Two posts today because I just realised it is my fourteenth blogging anniversary. Here’s my very first blog post, when I had nothing to say and I just sat down and had a go. I thought I’d mostly use the blog to record the books I read, the music I listened to, the plays and films I saw. There’s been a bit of that but, mostly, it’s just been waffle.
I read in the paper the other day yet another article about how much food we waste – at home, that is, as well as what’s thrown away from shops and restaurants. It’s an alarming quantity, but surely the figures are guesswork? How does anyone know what food is thrown away if you bag up your rubbish? Or whether it’s really waste or simply inedible, in the sense of genuinely useless rather than gone bad because you didn’t use it up?
As I said the other day, we’re pretty good about using up food. If I’m preparing vegetables for a casserole, for example, I keep suitable peelings and make stock at the same time, with any meat trimmings or bones etc and this gets used at once or frozen. After that, they go to the chickens or on the compost heap (which the chickens pick over anyway) and only bare bones go in the bin. So is that counted as thrown away food or is only stuff that’s gone bad counted, I wonder – and again, how do they think they know?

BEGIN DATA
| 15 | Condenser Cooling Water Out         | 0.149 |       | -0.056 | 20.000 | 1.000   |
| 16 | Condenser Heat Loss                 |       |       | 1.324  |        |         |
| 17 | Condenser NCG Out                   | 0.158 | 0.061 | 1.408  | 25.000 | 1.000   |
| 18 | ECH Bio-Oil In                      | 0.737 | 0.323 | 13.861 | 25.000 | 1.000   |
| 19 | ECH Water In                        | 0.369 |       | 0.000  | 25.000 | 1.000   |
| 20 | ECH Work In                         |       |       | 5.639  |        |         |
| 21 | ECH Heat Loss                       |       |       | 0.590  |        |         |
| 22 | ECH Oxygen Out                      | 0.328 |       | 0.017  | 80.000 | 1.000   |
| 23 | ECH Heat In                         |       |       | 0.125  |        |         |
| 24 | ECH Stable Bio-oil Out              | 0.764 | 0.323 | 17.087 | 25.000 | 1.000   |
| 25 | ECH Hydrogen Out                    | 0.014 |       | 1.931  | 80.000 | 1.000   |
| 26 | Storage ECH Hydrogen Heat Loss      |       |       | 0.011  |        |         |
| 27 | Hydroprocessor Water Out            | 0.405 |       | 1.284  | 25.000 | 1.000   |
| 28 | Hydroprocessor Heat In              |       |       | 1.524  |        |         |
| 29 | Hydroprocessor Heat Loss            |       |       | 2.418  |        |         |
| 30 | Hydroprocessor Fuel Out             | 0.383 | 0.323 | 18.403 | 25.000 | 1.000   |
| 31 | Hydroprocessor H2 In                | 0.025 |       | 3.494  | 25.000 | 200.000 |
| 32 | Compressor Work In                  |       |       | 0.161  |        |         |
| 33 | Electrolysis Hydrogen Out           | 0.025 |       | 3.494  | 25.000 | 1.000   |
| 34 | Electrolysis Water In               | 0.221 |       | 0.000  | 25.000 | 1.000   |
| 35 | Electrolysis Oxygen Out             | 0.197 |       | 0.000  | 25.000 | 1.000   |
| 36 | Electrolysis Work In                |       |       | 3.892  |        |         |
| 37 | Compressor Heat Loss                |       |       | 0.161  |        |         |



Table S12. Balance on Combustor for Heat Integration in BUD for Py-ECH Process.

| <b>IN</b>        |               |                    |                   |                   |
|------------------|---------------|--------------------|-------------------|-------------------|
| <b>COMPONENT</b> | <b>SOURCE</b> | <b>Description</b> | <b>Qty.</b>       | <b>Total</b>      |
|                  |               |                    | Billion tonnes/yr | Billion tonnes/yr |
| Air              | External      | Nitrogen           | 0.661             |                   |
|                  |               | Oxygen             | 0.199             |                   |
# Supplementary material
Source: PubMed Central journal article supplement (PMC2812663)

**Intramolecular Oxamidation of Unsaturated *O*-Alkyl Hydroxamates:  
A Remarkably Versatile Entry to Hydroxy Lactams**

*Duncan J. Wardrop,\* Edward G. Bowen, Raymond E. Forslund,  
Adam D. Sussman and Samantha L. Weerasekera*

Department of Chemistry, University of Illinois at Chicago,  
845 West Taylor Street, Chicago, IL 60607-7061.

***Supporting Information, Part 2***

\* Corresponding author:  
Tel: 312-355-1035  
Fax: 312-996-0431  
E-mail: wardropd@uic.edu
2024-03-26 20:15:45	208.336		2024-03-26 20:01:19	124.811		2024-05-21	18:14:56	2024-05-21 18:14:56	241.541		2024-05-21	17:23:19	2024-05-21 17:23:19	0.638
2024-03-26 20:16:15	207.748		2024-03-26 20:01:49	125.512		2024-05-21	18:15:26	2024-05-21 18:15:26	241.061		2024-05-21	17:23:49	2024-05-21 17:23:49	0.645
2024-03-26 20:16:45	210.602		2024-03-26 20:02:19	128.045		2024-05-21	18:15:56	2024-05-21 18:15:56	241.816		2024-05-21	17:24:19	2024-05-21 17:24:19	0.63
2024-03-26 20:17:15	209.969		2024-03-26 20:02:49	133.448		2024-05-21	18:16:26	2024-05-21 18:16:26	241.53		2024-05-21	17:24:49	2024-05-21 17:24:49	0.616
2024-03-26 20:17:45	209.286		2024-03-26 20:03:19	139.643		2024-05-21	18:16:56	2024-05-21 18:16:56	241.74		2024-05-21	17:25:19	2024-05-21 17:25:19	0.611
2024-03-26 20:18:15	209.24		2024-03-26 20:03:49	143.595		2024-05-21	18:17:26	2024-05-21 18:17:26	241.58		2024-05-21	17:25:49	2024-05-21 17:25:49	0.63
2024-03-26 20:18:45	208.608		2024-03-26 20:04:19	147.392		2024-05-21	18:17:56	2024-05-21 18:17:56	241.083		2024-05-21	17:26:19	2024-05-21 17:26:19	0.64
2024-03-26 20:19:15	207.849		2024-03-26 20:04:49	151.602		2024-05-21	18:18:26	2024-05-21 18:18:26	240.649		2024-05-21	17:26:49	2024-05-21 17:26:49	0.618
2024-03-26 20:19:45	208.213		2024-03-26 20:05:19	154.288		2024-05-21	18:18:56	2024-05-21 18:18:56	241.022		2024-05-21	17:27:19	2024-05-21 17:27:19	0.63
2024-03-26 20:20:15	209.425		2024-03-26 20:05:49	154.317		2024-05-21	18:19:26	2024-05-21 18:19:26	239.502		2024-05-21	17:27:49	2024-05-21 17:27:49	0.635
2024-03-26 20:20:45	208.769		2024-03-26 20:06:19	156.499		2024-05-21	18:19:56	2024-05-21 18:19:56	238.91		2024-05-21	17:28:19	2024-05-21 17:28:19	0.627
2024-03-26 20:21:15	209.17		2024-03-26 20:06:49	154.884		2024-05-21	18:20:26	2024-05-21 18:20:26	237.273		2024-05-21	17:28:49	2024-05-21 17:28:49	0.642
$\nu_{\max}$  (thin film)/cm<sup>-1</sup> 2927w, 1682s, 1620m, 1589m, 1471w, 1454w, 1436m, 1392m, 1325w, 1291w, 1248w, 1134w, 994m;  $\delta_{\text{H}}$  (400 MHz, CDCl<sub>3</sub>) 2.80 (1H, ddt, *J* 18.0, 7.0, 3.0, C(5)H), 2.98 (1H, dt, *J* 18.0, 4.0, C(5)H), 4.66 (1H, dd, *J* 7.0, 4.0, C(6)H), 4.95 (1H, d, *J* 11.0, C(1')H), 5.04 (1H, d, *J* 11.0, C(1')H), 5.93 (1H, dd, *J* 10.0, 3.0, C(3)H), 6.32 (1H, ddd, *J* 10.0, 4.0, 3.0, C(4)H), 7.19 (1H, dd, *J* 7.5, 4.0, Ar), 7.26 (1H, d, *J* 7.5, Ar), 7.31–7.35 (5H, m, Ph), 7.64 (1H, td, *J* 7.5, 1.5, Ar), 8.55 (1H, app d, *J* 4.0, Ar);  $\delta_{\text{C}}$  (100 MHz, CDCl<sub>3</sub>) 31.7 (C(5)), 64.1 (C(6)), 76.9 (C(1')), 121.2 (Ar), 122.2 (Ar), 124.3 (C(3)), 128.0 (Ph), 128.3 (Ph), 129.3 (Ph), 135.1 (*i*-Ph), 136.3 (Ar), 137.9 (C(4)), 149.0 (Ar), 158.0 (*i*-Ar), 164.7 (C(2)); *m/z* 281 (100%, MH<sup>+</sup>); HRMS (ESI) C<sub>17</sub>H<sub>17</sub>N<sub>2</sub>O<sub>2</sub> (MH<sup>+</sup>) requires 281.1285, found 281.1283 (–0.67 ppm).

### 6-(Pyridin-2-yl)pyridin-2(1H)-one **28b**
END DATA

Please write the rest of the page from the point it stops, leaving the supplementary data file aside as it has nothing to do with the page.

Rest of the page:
Where food is wasted is in too much being served at restaurants, I think. At the lunch club I go to monthly, a big bowl of vegetables and another of potatoes is always put on each table and at least half of them are left uneaten. They may be able to use the potatoes, I suppose, but the other veg are certainly thrown away, as are uneaten bread rolls etc. And if ever you’re served chips anywhere, there are always too many and the same with a burger bun, which is always huge and discarded at once, most of it.
Russell always used to clear our plates when we ate out. Not to eat the leftovers but to secrete them in a paper napkin and feed them to the chickens later. I was usually expected to keep the package in my handbag, which wasn’t any great joy, frankly, so I haven’t been doing that since he died – but I think it’s time I started. I’ll try to remember to take a bag with me. I know one can ask for a doggybag but it rather depends where you are, especially if you specify you want the vegetables and potato; if you are sensitive to funny looks.